Letter on the plight of construction workers in Britain
11 February 2012
I am writing in regards to the conditions of workers in the building industry in Britain.
Even before the new contractors employers’ body BESNA [see “Unite’s sabotaging of UK electricians dispute aided by ex-left”] had set out 35 percent wage cuts and job deskilling, the existing building workers contract negotiated by the union provided little defence of workers’ jobs and wages.
I work at a small company confronted by the global economic crisis, which is hitting construction hard. The company’s main source of work is refurbishment and maintenance of public buildings, schools, hospitals, etc., that are taking a hammering as public funds are diverted to prop up the banks.
One example of the severity of the cuts was while I was working at a school. I asked the caretaker if it was expecting large budget cuts. He said the maintenance budget was cut from £28,000 to £6,000 last year. Multiply that across the country and the impact is enormous.
A large section of building work is tied up with public spending, more so since the collapse of the housing market.
We recently had a dispute over a four-year pay freeze, and discrepancies in wage rates between workers. The employers imposed a settlement whereby wages were brought into line by cutting the higher earners, and bringing in varied increases for the others.
During the dispute, two workers joined the union, Unite. The argument for joining was that the union would provide legal representation. The result was that the two who had joined found themselves on different sides of the settlement—one with a pay cut and the other with a rise.
Those of us angered by the wage cut formally made our disagreement known citing an illegal break of contract. Management dismissed this though, and refused to reinstate our wages. They threatened us with making redundancies if we didn’t accept it.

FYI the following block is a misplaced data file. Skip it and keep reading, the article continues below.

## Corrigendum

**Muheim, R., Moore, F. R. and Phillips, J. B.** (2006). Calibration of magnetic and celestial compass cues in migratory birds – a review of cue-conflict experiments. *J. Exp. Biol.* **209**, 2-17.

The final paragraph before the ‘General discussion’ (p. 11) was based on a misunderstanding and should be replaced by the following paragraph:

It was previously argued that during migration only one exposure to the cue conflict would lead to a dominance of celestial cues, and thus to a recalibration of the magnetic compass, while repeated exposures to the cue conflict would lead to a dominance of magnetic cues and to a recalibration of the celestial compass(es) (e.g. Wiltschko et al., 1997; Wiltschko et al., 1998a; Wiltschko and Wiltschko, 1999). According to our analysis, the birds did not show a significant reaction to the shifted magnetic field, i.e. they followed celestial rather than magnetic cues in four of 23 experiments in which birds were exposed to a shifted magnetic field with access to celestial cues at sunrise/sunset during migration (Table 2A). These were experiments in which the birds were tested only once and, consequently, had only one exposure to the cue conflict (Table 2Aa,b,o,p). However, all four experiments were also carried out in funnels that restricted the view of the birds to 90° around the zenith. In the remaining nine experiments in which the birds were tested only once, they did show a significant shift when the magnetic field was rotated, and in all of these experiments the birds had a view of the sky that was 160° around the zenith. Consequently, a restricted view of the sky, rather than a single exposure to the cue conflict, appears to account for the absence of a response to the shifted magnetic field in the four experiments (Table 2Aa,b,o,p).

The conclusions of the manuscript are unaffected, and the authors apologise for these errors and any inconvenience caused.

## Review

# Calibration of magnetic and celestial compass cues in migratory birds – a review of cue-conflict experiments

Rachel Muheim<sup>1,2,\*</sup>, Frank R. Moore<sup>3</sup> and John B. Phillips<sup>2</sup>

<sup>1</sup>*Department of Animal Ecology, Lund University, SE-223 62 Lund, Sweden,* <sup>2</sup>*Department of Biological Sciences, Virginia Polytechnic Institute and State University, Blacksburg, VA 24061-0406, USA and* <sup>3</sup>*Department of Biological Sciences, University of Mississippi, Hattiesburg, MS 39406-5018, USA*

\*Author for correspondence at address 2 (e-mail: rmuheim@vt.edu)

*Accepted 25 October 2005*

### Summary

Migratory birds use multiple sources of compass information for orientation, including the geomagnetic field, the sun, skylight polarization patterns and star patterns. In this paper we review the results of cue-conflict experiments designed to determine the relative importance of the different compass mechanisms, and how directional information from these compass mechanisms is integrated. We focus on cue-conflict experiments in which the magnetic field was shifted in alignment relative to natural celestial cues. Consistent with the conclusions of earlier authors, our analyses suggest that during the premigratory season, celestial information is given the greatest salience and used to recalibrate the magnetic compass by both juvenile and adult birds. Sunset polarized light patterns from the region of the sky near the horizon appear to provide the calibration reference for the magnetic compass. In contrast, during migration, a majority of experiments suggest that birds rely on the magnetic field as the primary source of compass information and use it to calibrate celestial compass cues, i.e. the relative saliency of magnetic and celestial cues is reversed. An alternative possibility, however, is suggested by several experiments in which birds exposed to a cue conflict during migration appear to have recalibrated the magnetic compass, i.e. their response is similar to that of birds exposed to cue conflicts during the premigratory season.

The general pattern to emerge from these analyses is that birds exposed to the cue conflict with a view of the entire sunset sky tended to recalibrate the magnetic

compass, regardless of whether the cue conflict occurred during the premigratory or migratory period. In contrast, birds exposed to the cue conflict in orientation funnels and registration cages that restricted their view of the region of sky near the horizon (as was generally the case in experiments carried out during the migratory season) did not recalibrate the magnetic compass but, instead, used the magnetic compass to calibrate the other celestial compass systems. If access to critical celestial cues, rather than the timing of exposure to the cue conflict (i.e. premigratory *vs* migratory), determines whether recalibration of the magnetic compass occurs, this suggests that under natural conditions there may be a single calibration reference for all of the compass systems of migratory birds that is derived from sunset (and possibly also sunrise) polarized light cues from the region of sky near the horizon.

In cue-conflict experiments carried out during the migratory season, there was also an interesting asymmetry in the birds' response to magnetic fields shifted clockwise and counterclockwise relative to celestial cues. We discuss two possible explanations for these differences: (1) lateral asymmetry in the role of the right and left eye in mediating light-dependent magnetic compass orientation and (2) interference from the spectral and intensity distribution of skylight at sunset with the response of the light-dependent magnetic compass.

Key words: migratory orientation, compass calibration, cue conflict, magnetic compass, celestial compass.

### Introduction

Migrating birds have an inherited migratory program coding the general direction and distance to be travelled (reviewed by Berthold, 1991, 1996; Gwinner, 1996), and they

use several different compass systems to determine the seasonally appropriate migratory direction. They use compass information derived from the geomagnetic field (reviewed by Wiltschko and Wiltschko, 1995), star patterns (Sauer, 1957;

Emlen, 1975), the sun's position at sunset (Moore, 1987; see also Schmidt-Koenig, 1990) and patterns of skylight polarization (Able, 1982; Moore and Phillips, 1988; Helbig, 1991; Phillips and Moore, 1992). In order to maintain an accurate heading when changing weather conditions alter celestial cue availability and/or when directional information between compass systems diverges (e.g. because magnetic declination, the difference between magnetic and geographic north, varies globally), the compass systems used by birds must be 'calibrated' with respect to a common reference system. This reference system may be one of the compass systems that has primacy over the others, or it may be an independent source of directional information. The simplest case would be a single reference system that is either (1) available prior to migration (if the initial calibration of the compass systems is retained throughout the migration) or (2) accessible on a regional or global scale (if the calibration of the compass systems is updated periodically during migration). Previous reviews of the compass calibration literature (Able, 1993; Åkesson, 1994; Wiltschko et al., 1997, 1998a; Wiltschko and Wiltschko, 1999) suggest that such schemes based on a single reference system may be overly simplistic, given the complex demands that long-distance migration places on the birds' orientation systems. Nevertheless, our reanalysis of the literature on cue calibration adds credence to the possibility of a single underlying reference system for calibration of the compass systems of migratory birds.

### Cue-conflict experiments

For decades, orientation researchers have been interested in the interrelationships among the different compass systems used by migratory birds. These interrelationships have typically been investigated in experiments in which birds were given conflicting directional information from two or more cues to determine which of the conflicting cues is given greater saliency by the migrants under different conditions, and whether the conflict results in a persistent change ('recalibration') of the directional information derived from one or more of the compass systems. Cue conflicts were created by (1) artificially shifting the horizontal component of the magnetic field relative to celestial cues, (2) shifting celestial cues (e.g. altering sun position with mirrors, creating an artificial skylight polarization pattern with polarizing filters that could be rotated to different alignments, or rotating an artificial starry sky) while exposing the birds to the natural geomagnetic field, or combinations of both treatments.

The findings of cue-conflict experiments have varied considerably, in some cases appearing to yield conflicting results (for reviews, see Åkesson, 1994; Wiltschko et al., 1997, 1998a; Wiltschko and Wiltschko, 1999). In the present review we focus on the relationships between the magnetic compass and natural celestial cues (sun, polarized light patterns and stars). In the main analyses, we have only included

I am near retirement and life gets hard in the building industry as you get older. I said I would be willing to go, but the offer made amounted to less than £9,000 (approx. $14,000), as opposed to £25,000 per annum in wages.
Clearly, they only want cheap redundancies, involving those workers with less time in employment.
The employers moved on from redundancies to cite their ability to lay the whole workforce off. Under a building workers’ contract, if a company has no work, after one week a worker can be laid off for three months without pay; then after a further week of paid idleness, another three month layoff, and so on.
When another worker, angry about his wage cut, contacted the new union member asking how to fight the arbitrary cutting of wages, it was suggested he ask the employer for a new contract. If this set out the wage cut, and the employer would not move, he was advised to take his case to a tribunal citing constructive dismissal.
According to reports I have read, the number of industrial tribunals has trebled in five years and the employers have paid off workers in three out of five cases. Prime Minister David Cameron intends to make it harder for workers to go to industrial tribunals, something the employers are campaigning on.
In this instance, my workmate could only expect to win a financial award to the maximum of his redundancy payoff, which is less than half his annual wage. When he asked about supporting strike action with the union, they replied that striking only made matters worse!
The result of the union’s advice would be that my workmate would end up out of a job, recorded as a “troublemaker” and placed on the construction industry employers’ blacklist that is widely enforced. I noticed one blacklisted construction worker said that at his tribunal a Unite official had appeared on behalf of the company.
Buoyed by the unions’ previous betrayals, the employers want even more. The only objections from the unions, in this case Unite, are that such attacks stir the workers against the employers. Without the unions, they warn, employers will lose control.
I agree with WSWS.org that what are needed are rank-and-file organisations—independent of the trade union and labour bureaucracy—to unite all sections of the working class in a general strike to bring down the Cameron government.
All the best in the monumental work in progress.